The same day that he sent the email to Dr. Kohn, defendant sent another email from "Seidel" to 79 Dead Sea Scrolls scholars, asking for help in preparing a response to misinformation which was being spread around the Internet. He included a link to his anonymous blog, and a link and a quotation from an article in the French newspaper Le Monde, which defendant (as Seidel) stated was "outrageous." The quote from Le Monde was that "[t]he connection between the Essenes, who were thought to have written the scrolls, and Qumran has been reduced to nothing, just as the major American historian and paleographer N. Golb had already written." The email stated that "[t]hese lies about the Chicago filth must be answered as quickly as possible, so please let me know if you're willing to help out ...." In contrast to his email to Dr. Kohn, which promoted the Golb theory, this email appears to be calling Professor Golb "Chicago filth." It was signed "Best, Jonathan S." Defendant also used the Seidel email address to contact approximately 85 individuals, many of whom had university email addresses, urging them to "condemn the continuing filth from Chicago, just as Dr. Stephen Goranson of Duke University has had the courage to do." That too was signed "Best, Jonathan S."

 [...]

 

III. 

Aggravated Harassment in the Second Degree

 

Penal Law § 240.30 (1) (a) provides that "[a] person is guilty of aggravated harassment in the second degree when, with intent to harass, annoy, threaten or alarm another person, he or she ... communicates with a person, anonymously or 467*467 otherwise, by telephone, by telegraph, or by mail, or by transmitting or delivering any other form of written communication, in a manner likely to cause annoyance or alarm." We agree with defendant that this statute is unconstitutionally vague and overbroad, and that his conviction of three counts of aggravated harassment related to his conduct toward Schiffman, Goranson and Cargill must be vacated.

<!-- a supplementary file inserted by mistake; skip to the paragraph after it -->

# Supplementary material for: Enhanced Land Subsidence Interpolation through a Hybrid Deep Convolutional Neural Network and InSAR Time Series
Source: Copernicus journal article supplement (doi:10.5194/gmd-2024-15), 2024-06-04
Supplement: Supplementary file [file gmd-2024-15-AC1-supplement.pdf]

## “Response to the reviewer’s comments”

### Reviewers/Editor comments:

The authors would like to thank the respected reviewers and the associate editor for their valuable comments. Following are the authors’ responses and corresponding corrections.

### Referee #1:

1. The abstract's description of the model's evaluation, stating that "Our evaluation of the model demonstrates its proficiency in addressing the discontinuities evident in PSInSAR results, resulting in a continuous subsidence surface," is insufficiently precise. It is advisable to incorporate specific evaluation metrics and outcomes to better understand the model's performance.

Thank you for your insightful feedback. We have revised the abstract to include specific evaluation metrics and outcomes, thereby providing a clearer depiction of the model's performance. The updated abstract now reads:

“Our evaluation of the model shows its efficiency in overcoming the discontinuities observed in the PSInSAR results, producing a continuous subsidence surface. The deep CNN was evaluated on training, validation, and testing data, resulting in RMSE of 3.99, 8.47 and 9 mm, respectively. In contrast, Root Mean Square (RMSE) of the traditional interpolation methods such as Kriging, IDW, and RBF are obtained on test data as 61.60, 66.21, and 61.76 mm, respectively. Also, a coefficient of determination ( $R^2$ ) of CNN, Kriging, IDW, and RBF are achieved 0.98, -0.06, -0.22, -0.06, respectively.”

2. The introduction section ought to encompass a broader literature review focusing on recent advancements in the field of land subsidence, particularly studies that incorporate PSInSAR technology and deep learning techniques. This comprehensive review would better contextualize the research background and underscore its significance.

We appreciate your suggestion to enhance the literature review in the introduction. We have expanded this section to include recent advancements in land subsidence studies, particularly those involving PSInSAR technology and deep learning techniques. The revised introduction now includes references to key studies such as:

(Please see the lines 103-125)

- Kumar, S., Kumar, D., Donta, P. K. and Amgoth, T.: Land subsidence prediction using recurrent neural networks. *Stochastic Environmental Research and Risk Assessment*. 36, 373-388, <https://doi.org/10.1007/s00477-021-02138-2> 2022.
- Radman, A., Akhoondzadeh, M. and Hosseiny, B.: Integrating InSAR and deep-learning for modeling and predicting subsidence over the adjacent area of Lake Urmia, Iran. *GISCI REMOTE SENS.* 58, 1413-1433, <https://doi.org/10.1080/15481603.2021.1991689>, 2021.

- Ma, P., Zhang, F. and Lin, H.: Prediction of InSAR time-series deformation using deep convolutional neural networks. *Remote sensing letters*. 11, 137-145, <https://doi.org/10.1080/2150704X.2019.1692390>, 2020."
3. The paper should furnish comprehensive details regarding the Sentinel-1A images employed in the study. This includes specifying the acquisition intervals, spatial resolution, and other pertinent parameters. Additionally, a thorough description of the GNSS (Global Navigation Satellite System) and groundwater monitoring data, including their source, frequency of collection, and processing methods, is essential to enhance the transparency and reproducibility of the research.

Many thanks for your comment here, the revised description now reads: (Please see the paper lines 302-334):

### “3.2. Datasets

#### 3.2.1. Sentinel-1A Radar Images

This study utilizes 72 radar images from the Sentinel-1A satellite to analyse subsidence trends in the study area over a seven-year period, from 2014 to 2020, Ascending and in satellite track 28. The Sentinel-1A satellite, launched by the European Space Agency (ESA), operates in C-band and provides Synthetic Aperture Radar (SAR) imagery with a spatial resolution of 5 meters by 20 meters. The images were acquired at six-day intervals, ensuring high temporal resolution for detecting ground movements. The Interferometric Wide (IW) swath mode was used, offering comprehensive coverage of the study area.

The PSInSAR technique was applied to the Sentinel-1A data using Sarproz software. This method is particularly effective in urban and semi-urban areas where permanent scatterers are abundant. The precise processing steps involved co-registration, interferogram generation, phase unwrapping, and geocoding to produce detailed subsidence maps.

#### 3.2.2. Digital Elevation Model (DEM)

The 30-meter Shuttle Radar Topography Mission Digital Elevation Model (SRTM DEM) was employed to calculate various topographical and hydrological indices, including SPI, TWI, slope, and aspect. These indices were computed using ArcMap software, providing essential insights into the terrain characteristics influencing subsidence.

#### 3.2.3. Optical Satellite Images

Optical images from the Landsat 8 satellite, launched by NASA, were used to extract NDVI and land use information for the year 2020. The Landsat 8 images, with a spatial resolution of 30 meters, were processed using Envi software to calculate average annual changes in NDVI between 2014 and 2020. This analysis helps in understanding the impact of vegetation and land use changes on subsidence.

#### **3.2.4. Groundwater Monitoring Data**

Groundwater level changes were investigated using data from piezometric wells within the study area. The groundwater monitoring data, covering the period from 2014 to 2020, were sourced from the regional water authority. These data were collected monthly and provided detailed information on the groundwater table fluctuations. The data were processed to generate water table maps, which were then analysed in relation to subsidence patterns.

In People v Dietze (75 NY2d 47 [1989]), this Court struck down a similar harassment statute, former Penal Law § 240.25, which prohibited the use of abusive or obscene language with the intent to harass, annoy or alarm another person. We determined that the statute was unconstitutional under both the State and Federal Constitutions, noting that "any proscription of pure speech must be sharply limited to words which, by their utterance alone, inflict injury or tend naturally to evoke immediate violence" (id. at 52).

The reasoning applied in Dietze applies equally to our analysis of Penal Law § 240.30 (1) (a). The statute criminalizes, in broad strokes, any communication that has the intent to annoy. Like the harassment statute at issue in Dietze, "no fair reading" of this statute's "unqualified terms supports or even suggests the constitutionally necessary limitations on its scope" (id. at 52; see also People v Dupont, 107 AD2d 247, 253 [1st Dept 1985] [observing that the statute's vagueness is apparent because "(i)t is not clear what is meant by communication `in a manner likely to cause annoyance or alarm' to another person"]). And, as in Dietze, "we decline to incorporate such limitations into the statute by judicial construction" because that would be "tantamount to wholesale revision of the Legislature's enactment, rather than prudent judicial construction" (id. at 52, 53).